24. ^ Kocijan, Vid; Horvat, Marina; Majdic, Gregor (2017-10-23). "Robust Sex Differences in Jigsaw Puzzle Solving—Are Boys Really Better in Most Visuospatial Tasks?". Frontiers in Behavioral Neuroscience. 11: 194. doi:10.3389/fnbeh.2017.00194. ISSN 1662-5153. PMC 5660068. PMID 29109682.
  25. ^ Cohen, Noam (June 25, 2007). "Some Errors Defy Fixes: A Typo in Wikipedia's Logo Fractures the Sanskrit". The New York Times. Archived from the original on September 5, 2017. Retrieved January 3, 2024.
  26. ^ "'The Logo, The anthem'". Fiscalía General de la Nación (Colombia). 2018-12-02.
  27. ^ "'Saw' IMDB page". Internet Movie Database. 2004-10-29.
  28. ^ "'Me and My Pal' IMDB page". Internet Movie Database. 2015-08-29.
  29. ^ Healthy Brain Archived 2010-12-12 at the Wayback Machine Alzheimer Society of Canada Accessed 30 March 2011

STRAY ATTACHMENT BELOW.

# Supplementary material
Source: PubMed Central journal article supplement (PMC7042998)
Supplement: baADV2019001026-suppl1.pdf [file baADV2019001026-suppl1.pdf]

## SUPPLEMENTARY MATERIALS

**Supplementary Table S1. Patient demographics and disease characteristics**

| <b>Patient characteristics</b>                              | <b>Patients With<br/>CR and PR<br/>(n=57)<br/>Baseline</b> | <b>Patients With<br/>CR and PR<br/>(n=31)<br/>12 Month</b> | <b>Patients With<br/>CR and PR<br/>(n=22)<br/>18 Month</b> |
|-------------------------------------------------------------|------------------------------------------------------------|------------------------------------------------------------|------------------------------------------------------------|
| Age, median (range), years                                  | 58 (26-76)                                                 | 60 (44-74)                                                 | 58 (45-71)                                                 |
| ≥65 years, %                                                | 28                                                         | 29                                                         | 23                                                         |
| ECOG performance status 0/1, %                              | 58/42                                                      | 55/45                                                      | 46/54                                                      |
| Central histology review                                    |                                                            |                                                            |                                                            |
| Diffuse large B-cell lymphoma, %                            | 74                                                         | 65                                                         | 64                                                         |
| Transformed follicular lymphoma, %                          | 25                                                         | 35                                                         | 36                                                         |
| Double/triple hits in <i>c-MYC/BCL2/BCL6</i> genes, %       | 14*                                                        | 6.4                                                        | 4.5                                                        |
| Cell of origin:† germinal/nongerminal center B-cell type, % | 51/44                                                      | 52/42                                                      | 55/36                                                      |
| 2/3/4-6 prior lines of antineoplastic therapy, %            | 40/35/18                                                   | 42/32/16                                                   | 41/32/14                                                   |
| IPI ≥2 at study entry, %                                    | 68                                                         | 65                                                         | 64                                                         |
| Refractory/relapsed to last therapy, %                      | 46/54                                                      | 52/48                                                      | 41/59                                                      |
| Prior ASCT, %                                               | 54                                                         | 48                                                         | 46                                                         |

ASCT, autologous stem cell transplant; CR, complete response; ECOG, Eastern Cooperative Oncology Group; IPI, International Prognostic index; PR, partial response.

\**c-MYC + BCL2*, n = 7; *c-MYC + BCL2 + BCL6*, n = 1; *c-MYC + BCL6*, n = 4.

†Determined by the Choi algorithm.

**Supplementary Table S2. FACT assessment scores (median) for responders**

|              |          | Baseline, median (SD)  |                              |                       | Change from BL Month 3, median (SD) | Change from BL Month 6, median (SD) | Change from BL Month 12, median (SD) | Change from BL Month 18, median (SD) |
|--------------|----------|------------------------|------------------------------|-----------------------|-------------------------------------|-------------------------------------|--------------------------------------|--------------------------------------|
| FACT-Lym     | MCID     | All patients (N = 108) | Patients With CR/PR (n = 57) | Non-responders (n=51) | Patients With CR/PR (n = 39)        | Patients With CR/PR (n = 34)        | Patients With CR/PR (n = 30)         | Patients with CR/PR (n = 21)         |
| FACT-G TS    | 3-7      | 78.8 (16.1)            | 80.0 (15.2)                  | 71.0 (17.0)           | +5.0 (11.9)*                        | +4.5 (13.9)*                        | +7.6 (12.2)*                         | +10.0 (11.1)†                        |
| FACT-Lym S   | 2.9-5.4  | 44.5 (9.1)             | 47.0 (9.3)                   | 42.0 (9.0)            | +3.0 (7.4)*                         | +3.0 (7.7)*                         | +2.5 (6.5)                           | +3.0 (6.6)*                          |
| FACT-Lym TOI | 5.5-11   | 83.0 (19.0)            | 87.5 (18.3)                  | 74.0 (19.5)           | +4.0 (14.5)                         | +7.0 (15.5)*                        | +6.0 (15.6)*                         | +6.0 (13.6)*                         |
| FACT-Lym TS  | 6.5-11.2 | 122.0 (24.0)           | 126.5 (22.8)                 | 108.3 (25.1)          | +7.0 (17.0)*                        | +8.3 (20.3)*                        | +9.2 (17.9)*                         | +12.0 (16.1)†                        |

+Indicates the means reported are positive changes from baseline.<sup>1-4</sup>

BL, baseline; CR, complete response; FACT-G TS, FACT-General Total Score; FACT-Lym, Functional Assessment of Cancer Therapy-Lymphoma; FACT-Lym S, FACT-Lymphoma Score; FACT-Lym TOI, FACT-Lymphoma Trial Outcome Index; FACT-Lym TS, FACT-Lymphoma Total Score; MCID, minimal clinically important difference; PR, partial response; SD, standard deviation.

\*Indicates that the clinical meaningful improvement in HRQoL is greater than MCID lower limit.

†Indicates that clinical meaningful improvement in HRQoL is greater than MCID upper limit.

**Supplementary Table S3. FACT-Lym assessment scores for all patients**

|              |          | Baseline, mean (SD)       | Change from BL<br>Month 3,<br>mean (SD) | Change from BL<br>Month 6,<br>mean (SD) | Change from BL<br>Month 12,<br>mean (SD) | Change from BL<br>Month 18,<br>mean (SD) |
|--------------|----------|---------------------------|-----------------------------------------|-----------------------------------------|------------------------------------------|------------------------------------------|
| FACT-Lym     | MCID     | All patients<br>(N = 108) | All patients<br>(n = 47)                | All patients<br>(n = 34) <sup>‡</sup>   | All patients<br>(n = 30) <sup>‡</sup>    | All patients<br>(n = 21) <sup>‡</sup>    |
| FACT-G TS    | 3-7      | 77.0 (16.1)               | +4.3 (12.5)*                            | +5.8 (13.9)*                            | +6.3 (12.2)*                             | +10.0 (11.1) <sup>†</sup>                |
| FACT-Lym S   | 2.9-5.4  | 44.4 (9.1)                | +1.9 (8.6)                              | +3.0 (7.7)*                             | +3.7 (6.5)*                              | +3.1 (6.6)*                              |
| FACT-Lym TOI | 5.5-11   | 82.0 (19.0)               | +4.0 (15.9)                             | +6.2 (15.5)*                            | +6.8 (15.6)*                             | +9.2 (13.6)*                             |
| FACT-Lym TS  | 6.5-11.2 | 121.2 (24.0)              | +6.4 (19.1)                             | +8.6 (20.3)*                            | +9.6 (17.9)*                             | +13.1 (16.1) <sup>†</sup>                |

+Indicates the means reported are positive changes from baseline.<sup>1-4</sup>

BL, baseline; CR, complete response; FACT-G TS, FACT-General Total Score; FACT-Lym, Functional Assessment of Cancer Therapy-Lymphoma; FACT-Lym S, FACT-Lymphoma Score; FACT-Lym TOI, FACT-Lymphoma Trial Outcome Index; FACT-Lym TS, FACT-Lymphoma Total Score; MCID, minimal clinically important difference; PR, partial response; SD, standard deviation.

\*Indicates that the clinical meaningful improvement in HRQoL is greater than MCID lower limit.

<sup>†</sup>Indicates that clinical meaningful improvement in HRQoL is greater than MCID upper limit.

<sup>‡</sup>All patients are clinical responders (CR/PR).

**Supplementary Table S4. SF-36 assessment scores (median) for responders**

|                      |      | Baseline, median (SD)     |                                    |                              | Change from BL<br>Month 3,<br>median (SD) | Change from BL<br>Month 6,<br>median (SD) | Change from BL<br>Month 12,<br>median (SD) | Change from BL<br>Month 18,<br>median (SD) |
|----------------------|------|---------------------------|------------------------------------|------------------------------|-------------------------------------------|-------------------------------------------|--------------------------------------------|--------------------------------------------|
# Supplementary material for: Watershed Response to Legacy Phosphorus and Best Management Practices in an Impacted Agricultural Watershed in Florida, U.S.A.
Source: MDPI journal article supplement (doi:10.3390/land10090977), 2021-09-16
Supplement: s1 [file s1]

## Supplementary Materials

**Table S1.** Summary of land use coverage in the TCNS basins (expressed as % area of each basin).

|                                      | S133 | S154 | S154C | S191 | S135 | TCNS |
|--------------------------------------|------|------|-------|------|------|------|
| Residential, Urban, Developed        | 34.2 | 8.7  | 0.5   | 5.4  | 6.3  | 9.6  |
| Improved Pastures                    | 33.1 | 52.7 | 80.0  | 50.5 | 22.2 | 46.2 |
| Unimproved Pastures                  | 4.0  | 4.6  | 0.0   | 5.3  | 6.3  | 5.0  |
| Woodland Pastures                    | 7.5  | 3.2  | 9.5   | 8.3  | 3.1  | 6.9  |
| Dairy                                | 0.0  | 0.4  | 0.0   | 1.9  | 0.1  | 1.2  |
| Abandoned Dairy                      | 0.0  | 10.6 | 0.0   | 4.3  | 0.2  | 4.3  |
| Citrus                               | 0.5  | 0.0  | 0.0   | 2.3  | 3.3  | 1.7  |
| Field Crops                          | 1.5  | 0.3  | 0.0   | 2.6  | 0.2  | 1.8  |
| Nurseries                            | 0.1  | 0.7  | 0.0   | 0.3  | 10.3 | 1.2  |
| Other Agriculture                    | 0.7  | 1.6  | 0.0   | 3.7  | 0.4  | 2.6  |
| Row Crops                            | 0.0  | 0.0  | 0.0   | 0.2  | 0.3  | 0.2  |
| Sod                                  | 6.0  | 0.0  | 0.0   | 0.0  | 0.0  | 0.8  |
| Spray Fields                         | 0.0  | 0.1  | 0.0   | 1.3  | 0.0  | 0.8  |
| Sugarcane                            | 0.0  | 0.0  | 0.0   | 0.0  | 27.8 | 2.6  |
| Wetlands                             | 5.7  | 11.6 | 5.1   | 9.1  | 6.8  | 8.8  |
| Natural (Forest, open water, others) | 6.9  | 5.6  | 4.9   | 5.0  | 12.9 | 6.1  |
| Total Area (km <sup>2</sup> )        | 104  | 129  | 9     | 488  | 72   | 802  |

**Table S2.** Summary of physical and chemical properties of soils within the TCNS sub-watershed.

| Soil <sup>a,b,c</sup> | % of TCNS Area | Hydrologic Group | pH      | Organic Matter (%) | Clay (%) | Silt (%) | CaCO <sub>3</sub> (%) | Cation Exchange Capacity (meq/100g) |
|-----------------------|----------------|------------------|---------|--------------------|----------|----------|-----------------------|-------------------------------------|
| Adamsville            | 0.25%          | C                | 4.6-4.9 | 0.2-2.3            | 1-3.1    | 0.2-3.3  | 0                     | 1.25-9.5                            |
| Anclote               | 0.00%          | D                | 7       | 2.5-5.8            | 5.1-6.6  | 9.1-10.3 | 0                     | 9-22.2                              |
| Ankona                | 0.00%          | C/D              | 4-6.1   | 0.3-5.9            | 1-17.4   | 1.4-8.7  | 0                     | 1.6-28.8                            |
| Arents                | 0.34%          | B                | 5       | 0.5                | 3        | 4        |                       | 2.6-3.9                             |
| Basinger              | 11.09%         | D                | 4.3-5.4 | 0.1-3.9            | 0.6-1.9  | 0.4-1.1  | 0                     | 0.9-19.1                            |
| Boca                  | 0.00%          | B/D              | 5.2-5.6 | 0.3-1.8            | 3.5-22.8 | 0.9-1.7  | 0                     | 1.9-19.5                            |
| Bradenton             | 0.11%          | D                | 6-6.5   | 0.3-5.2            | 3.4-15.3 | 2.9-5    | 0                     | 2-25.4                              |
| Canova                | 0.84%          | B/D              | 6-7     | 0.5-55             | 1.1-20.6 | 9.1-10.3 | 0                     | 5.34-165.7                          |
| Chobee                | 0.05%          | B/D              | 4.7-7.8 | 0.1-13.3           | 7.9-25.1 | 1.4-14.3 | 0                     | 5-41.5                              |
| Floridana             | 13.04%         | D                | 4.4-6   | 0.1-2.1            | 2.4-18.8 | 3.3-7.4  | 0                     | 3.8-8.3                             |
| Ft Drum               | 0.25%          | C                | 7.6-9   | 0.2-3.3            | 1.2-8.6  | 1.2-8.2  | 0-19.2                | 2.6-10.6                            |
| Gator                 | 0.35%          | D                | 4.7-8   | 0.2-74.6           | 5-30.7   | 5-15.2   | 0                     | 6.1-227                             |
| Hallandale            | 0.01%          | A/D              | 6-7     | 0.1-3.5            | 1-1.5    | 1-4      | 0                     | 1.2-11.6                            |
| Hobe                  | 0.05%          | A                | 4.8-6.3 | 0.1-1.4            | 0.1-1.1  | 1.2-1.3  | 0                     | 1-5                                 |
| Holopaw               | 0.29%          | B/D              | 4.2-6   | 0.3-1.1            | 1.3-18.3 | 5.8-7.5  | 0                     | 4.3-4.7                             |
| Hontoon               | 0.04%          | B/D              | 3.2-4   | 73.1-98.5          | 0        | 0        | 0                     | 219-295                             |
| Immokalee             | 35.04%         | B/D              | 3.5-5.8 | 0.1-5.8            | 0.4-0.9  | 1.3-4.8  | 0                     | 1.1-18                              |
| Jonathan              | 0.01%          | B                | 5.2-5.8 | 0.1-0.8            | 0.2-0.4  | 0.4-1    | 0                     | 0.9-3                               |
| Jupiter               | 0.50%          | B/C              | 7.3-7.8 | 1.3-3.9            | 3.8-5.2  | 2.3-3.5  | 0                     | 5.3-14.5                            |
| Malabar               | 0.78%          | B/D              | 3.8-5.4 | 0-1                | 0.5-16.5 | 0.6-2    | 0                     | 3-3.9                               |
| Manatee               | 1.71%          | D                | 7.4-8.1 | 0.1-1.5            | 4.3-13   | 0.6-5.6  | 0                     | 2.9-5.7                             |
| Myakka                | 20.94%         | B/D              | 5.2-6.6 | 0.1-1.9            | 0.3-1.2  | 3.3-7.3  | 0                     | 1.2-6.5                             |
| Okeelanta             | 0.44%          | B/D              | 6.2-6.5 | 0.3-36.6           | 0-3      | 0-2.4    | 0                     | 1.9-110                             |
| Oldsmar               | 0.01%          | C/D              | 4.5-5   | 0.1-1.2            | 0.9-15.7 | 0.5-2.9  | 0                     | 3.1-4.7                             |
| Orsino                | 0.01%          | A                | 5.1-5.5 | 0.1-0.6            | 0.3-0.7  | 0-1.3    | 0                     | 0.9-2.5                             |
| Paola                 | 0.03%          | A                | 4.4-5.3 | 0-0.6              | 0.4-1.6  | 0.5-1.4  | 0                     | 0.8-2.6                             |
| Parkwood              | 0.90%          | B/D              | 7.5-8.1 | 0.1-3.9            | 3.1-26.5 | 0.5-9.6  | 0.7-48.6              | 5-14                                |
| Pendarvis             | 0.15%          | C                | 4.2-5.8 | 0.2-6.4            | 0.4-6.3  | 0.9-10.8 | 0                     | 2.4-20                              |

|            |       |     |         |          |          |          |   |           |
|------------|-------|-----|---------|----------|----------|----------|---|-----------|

30. ^ "NAS timeline (text only version)". National Autistic Society. 2015-02-09. Archived from the original on 2014-07-14. Retrieved 2022-02-17.
  31. ^ "Perspectives on a puzzle piece". National Autistic Society. June 1997. Archived from the original on 2007-10-23. Retrieved 2022-02-17.
  32. ^ Lisa D. (full last name unknown) (2012-05-02). "I am not a puzzle: From Reports from a Resident Alien". Unpuzzled. Archived from the original on 2014-07-30. Retrieved 2014-07-30.
  33. ^ Diament, Michelle (February 2, 2018). "Autism Journal Abandons Puzzle Piece". Disability Scoop. Retrieved March 18, 2018.

Further reading edit

  • Anne D. Williams, The Jigsaw Puzzle: Piecing Together a History (Berkley, 2004)


External links edit